Craig: That’s Sexy Craig’s job. He handles that stuff. We don’t talk about the sucking. It’s true that that is necessary. It’s also true that a lot of people will shoot it, it stinks, they shoot it, it stinks, they shoot it. And then it never does get better. I mean, that’s the fascinating thing. That’s the thing I just wish I could go in time and watch all those little moments where people just go this way or this way. And people that have the potential and are talented, and there are some of them here tonight, who can go either way.
And they just decide to go this way. You know, because the funny thing is most of the people that insist and persist and prevail against all odds actually just never make it because they were never going to make it. It’s funny, like I worry sometimes that the people who can make it get too easily discouraged, because they’re aware. Like you said, “I know it sucks.”
Dana: They’re smart enough to know that it’s not good. Yeah, that’s what I was like.
Craig: What is it, the Dunning-Kruger effect? Is that what it is? I think we have a president who currently…anyway.
Well, that was enlightening. I think we got a pretty good sense of why it is that the show has been going on so long, and it’s because you do have that thing where you marry talent to this endless commitment. It’s really remarkable. I mean, it’s an incredible accomplishment.
Television has been around a long time. And for you to beat those records is unbelievable. And I can only presume, what are we talking about here, another 20, 30? I mean, basically until you die?
Rob: I guess.
Craig: All right. Well, you heard it here. We made news.
Rob: I don’t know. If you keep watching, we’ll keep doing it.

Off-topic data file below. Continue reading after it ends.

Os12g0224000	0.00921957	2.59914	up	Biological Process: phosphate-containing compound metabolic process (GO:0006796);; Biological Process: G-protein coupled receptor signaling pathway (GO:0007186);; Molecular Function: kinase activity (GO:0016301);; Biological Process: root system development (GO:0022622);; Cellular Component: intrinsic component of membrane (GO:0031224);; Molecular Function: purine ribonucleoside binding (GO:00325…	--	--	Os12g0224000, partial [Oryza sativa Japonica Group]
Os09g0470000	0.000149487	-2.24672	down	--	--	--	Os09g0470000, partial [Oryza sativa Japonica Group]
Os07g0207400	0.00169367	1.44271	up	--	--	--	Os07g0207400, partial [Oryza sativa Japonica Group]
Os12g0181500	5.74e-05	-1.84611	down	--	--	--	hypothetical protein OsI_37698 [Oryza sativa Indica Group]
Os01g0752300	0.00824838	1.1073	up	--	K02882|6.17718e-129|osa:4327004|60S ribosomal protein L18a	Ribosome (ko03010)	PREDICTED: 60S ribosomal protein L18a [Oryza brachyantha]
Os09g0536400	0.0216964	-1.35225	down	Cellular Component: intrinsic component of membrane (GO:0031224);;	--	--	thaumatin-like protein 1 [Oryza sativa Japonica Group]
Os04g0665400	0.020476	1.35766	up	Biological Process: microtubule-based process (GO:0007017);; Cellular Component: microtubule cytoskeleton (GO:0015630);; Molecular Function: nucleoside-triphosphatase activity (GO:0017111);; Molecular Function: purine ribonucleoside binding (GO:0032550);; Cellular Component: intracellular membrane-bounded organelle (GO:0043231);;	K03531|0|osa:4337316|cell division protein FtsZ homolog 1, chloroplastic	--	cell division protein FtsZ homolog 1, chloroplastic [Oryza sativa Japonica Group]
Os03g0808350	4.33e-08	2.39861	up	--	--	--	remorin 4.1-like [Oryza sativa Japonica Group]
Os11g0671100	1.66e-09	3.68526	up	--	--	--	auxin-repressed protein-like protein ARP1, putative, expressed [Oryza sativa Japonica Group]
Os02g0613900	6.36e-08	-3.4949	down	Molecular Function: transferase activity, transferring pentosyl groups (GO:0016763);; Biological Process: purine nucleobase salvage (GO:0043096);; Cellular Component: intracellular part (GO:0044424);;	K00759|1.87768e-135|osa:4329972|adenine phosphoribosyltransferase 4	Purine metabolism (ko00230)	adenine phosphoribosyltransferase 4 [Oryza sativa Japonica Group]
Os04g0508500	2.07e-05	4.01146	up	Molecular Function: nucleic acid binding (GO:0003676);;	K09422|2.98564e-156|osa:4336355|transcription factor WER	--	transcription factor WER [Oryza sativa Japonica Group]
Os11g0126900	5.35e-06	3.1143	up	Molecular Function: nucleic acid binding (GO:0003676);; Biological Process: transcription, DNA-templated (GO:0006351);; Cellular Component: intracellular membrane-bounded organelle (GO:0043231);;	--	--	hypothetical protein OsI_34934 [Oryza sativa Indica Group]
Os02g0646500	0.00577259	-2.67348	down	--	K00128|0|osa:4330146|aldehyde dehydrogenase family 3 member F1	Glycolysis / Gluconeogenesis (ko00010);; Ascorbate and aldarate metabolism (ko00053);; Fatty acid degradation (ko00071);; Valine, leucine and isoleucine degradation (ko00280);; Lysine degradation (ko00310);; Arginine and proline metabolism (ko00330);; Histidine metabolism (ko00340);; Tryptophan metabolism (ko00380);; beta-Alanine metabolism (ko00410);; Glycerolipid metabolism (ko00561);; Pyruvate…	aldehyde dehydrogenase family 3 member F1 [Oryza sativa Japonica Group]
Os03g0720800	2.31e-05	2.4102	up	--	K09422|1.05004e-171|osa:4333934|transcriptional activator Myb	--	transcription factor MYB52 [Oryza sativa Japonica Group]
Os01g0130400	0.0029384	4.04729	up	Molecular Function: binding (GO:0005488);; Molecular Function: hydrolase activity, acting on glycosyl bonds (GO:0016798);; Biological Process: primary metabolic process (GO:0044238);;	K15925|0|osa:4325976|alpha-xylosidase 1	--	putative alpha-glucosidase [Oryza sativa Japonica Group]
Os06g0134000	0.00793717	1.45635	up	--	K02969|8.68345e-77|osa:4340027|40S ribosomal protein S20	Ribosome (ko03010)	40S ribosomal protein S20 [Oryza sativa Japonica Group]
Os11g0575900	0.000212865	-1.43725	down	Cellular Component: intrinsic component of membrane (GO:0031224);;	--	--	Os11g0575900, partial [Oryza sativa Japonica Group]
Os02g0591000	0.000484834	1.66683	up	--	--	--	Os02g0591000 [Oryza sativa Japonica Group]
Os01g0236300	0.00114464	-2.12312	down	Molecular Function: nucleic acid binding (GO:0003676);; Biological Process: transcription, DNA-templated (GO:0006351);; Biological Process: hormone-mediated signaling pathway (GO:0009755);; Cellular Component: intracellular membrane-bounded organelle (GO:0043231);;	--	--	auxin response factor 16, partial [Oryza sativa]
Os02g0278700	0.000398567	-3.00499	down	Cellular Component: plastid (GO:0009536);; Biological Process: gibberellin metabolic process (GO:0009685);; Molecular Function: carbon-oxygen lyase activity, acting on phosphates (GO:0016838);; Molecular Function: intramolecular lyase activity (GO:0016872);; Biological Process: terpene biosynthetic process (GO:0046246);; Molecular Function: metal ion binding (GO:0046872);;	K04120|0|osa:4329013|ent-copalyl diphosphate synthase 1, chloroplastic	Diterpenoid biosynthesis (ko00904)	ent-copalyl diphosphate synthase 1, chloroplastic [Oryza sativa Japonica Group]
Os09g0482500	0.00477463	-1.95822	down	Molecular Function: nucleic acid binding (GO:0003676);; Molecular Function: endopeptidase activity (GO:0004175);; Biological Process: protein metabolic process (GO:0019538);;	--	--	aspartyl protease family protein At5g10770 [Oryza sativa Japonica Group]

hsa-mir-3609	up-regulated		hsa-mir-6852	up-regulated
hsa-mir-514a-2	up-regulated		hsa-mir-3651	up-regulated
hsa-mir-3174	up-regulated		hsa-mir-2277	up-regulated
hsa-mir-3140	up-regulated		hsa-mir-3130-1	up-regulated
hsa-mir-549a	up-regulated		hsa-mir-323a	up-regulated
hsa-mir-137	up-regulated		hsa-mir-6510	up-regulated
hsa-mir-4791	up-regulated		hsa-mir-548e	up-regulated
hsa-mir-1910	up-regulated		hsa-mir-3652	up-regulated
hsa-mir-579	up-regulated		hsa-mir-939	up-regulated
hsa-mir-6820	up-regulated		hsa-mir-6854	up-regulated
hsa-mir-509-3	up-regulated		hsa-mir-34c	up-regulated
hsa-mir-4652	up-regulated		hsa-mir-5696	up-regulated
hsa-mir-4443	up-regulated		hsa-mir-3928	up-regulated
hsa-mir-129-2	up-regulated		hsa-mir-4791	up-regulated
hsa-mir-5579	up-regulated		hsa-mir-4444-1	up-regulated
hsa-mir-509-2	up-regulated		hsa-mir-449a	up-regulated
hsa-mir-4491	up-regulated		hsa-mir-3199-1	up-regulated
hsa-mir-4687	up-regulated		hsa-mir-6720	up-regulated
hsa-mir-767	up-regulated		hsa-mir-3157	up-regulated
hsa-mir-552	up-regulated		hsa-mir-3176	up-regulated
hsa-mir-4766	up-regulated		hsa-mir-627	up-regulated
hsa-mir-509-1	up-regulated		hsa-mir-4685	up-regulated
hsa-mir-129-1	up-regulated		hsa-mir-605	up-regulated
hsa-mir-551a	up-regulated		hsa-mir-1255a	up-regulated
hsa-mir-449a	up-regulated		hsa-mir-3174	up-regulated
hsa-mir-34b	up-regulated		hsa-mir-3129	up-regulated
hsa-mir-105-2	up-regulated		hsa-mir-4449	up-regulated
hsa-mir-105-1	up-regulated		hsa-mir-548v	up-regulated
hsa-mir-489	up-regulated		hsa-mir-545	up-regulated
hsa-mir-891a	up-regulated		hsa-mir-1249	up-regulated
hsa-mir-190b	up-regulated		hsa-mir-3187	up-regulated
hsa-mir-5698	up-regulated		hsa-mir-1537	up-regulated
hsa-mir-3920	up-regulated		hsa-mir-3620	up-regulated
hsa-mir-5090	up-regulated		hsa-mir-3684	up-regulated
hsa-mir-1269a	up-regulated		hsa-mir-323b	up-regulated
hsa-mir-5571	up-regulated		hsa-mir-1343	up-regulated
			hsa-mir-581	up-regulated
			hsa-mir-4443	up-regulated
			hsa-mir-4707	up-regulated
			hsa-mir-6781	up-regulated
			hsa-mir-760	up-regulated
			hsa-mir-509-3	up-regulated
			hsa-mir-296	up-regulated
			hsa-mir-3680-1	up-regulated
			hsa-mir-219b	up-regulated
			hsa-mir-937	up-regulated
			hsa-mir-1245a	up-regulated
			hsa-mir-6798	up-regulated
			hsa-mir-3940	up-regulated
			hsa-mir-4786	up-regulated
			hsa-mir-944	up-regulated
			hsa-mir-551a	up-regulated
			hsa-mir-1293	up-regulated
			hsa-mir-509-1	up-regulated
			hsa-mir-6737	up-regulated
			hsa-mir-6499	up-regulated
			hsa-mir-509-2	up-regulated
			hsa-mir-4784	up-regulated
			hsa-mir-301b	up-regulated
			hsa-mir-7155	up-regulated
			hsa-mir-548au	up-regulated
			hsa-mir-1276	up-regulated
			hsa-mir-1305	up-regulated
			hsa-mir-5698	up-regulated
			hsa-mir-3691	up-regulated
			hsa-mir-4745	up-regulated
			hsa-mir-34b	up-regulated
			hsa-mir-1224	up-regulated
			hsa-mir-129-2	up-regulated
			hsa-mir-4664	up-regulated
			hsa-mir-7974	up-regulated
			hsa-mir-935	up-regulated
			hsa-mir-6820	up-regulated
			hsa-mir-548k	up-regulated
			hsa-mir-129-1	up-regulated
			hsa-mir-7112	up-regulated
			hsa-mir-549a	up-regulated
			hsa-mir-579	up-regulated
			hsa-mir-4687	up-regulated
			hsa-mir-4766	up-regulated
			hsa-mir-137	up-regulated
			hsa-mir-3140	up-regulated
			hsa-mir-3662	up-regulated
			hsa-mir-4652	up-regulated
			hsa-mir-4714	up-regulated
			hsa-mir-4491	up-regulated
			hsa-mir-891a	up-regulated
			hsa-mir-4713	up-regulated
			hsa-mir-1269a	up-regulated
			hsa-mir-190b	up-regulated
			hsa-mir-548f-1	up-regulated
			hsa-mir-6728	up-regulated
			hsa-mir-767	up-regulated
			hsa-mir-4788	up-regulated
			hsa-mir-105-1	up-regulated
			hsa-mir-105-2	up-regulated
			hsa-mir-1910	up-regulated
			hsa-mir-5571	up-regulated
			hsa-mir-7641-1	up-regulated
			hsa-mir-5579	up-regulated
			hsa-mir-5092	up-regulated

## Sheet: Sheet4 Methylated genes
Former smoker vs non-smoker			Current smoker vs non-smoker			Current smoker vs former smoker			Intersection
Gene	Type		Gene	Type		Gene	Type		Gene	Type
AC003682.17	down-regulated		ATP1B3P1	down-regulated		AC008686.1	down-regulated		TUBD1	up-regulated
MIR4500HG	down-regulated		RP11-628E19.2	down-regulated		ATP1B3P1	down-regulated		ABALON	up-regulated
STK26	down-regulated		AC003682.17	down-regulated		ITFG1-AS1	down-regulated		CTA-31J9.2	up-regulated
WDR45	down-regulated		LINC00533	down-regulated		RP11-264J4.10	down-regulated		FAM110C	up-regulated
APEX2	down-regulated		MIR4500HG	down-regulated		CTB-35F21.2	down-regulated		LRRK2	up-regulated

Craig: Keep watching it. He’ll keep doing it. Thank you, Rob.
Rob: Thank you.
Craig: Rian, come on out, buddy. We haven’t talked in a while. Looper was good.
Rian Johnson: Thank you.
Dana: I loved Looper.
Craig: And anything, anything since?
Rian: Well, it’s been slow.
Craig: It’s been slow. It happens.
Rian: It does.
Craig: But you know what?
Dana: I’m sorry. I feel so bad for you.
Craig: Brother Bloom was a little bit of a dip there. You got a little slow. Got a little sluggish. But then you came back. You bounce back. You’ll be fine.
Anyway, thanks for coming, Rian.
Rian: Yeah. Good talk. Good talk.
Craig: Rian Johnson, this is great. I don’t quite know how it’s taken this long. Maybe just because, I don’t – I don’t know. I always feel like, I don’t want to put you on the hot seat or anything.
Rian: I’m getting so nervous right now. I don’t know what’s about to happen.
Craig: But this is why. I don’t want to make you nervous. But Rian and I have been friends for a long time. And, of course, we all know of his story, his legend. Rian wrote and directed Brick, which came out in 2005. And he won the Originality of Vision prize at Sundance, which that year at least that’s accurate. I don’t know if it always is. That year, completely accurate.